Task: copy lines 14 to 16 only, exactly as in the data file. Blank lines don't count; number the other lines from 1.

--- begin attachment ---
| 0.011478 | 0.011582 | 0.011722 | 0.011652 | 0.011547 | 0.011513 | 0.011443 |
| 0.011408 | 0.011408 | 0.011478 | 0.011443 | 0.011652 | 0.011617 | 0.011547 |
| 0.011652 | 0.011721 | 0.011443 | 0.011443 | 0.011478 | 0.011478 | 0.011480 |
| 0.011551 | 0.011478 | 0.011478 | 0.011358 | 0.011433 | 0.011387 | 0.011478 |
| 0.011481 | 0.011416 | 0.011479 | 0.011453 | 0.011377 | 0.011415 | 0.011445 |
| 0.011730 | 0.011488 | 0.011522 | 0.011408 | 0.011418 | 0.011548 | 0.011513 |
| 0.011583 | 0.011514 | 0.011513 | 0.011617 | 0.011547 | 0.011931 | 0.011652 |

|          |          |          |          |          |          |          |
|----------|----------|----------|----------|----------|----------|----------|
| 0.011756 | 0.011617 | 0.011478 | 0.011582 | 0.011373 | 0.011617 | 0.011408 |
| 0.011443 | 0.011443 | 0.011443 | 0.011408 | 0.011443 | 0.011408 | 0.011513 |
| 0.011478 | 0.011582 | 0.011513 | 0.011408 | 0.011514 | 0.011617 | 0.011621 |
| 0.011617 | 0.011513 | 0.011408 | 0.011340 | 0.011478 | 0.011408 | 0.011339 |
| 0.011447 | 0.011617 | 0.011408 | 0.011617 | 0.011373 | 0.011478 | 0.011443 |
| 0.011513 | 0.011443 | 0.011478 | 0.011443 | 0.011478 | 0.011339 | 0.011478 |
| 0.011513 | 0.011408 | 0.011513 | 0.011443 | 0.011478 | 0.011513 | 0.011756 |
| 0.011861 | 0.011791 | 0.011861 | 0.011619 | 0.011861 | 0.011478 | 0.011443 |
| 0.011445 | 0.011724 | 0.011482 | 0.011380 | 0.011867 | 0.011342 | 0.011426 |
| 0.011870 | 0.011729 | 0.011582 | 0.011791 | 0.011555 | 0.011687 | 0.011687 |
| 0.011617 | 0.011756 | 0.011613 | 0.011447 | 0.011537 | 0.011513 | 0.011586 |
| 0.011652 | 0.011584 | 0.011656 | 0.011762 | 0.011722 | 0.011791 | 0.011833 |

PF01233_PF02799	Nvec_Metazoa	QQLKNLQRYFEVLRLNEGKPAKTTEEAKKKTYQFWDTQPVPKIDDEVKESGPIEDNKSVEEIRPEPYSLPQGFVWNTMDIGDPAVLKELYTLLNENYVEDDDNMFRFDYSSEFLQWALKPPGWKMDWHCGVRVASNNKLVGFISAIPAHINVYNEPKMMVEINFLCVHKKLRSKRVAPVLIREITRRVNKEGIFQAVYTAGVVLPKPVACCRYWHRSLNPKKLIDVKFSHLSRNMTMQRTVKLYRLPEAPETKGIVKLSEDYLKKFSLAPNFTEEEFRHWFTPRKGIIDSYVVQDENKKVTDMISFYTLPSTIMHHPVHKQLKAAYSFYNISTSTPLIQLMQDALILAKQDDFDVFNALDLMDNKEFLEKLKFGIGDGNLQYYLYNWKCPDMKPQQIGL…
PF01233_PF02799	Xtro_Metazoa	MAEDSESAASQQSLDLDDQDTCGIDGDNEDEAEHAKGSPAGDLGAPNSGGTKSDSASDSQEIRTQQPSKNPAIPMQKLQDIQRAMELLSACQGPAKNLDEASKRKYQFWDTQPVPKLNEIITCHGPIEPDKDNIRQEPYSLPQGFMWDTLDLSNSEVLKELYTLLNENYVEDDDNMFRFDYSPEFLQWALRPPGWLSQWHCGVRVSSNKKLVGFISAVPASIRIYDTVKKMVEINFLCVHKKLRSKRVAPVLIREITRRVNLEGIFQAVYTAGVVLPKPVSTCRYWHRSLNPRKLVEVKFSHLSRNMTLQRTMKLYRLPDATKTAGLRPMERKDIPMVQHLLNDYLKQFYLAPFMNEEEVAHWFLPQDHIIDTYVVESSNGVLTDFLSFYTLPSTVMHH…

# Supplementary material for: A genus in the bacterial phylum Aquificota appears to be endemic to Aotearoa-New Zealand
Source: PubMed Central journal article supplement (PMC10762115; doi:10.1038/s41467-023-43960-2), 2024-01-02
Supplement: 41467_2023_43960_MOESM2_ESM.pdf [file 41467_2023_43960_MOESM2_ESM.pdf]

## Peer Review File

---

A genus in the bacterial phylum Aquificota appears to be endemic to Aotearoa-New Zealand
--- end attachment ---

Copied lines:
| 0.011447 | 0.011617 | 0.011408 | 0.011617 | 0.011373 | 0.011478 | 0.011443 |
| 0.011513 | 0.011443 | 0.011478 | 0.011443 | 0.011478 | 0.011339 | 0.011478 |
| 0.011513 | 0.011408 | 0.011513 | 0.011443 | 0.011478 | 0.011513 | 0.011756 |